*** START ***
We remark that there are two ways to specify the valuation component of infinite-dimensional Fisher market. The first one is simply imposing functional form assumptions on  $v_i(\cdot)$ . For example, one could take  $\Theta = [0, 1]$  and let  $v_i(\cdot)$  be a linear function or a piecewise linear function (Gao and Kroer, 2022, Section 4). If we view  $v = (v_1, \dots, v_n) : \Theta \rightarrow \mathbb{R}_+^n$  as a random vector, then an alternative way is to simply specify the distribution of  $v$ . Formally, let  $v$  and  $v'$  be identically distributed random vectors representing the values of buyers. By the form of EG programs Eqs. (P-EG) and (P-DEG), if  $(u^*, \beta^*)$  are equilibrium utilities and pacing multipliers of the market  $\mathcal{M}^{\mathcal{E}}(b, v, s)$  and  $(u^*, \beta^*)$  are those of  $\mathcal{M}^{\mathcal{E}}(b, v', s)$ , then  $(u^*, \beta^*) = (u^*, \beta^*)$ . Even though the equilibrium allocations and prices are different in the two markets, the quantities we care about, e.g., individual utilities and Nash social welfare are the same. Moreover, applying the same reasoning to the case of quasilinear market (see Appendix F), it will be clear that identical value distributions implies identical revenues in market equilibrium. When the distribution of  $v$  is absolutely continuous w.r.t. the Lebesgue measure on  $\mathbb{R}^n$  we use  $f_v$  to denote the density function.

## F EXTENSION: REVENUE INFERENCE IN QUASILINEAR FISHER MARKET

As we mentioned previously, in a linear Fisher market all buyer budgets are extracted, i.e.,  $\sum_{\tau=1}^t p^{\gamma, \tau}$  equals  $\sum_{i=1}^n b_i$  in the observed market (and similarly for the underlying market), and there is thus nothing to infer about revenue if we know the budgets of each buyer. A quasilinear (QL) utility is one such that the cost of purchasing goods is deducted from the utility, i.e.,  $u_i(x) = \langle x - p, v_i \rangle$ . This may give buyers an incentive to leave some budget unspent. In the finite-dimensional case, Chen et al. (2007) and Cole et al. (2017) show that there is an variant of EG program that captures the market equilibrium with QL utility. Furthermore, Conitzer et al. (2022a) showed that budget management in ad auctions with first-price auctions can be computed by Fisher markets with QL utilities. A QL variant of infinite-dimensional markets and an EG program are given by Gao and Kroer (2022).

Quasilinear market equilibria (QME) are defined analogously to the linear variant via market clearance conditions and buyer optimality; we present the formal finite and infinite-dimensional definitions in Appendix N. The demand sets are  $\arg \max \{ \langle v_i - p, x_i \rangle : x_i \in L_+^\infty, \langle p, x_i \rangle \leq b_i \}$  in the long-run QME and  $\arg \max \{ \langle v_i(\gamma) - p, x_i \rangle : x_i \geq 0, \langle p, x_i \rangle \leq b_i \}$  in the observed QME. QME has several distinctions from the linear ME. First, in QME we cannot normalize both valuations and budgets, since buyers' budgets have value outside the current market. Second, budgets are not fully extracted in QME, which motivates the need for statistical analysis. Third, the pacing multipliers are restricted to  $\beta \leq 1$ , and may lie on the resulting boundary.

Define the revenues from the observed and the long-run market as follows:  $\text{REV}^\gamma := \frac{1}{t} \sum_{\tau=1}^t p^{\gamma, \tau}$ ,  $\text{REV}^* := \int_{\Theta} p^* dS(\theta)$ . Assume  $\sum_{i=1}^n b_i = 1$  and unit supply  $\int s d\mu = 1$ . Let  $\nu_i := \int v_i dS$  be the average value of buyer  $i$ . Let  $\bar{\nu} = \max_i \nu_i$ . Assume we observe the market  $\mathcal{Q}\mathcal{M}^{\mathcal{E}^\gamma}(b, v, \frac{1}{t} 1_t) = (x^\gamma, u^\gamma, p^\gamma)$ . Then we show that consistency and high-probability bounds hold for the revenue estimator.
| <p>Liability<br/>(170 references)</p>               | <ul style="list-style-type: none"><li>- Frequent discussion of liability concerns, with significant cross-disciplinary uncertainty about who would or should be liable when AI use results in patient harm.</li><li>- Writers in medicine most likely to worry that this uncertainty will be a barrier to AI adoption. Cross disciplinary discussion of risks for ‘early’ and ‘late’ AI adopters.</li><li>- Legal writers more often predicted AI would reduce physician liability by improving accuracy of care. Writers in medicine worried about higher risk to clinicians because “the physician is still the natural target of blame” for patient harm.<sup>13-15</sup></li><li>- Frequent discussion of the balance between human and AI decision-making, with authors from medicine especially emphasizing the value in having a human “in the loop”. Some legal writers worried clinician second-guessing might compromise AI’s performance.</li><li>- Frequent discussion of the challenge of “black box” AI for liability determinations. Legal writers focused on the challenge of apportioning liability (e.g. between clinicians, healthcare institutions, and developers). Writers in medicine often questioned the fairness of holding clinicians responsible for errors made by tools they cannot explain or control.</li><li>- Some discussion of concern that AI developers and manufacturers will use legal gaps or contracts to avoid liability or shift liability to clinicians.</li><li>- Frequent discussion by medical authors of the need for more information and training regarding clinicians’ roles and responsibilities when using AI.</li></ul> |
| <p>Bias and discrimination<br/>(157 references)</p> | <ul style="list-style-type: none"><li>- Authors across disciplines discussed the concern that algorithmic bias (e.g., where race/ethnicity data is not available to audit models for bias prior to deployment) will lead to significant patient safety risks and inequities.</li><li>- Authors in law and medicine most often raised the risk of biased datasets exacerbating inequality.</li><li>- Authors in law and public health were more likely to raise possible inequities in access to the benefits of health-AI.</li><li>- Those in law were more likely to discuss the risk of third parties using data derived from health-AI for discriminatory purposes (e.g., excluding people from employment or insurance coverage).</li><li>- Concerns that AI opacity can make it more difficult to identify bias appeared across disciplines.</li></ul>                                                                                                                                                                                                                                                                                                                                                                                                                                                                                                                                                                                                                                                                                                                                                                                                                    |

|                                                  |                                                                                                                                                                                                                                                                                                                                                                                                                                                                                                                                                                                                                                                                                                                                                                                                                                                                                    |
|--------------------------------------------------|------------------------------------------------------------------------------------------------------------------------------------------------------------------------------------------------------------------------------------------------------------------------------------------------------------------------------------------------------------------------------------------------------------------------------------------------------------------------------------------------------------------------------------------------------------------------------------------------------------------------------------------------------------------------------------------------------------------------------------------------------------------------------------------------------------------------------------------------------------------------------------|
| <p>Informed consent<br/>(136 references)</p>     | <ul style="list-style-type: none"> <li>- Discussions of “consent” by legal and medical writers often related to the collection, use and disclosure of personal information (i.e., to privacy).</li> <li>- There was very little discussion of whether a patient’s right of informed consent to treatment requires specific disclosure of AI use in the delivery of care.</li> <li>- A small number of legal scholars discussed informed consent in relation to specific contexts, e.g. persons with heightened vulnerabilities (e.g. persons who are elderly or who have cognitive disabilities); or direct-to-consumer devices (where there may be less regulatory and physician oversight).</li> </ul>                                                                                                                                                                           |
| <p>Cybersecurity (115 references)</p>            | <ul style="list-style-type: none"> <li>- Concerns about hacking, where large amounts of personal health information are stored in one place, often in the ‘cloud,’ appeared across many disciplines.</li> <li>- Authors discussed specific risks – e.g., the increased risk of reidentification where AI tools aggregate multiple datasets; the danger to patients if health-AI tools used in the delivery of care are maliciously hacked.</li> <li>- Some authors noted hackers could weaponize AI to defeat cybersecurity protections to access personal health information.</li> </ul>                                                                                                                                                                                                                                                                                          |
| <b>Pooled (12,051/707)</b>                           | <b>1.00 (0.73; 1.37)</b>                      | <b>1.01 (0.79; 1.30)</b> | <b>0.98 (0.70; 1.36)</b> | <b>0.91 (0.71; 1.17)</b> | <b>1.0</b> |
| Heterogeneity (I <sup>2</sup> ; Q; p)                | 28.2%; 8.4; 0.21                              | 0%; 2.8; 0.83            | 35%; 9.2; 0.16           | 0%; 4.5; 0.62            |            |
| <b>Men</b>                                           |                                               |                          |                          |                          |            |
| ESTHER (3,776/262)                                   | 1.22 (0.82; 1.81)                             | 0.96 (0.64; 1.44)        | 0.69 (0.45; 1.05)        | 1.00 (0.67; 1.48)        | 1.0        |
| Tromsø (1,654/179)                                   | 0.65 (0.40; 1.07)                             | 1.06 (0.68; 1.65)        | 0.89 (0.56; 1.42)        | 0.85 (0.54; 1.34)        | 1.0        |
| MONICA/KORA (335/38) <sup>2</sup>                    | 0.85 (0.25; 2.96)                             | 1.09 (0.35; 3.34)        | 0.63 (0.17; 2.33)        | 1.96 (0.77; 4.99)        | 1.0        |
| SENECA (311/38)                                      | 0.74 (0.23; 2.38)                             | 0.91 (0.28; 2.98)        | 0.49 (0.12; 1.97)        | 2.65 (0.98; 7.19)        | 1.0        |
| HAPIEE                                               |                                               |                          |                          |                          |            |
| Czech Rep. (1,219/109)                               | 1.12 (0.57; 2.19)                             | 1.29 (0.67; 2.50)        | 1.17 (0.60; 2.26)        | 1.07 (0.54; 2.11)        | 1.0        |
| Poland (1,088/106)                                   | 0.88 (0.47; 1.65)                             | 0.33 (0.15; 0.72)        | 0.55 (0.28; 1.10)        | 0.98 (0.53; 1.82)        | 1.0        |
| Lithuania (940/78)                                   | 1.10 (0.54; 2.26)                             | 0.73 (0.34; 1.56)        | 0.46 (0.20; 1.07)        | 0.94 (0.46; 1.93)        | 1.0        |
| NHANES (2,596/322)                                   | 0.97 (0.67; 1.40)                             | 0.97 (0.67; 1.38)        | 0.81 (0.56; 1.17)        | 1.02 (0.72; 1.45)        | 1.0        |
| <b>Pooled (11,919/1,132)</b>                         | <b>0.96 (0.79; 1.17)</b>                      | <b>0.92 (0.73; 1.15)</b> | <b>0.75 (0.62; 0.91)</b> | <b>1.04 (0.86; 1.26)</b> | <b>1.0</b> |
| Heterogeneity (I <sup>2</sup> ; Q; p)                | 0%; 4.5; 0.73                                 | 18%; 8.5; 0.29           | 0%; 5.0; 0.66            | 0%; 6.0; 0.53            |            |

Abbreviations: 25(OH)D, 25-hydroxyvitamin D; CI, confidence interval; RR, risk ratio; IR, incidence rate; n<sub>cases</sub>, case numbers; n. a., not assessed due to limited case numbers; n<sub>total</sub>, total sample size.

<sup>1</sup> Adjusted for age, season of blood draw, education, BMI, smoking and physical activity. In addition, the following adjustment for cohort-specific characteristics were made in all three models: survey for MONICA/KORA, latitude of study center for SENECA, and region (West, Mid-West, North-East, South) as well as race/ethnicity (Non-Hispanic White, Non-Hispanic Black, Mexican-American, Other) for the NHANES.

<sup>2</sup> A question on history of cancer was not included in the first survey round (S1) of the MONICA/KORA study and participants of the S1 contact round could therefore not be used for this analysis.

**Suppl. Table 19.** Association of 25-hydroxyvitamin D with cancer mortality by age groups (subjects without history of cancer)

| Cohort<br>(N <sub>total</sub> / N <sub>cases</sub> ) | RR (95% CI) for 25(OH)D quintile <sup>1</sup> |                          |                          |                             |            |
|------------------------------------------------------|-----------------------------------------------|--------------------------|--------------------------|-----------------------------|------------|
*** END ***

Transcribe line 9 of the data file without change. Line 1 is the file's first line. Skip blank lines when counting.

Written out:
|--------------------------------------------------|------------------------------------------------------------------------------------------------------------------------------------------------------------------------------------------------------------------------------------------------------------------------------------------------------------------------------------------------------------------------------------------------------------------------------------------------------------------------------------------------------------------------------------------------------------------------------------------------------------------------------------------------------------------------------------------------------------------------------------------------------------------------------------------------------------------------------------------------------------------------------------|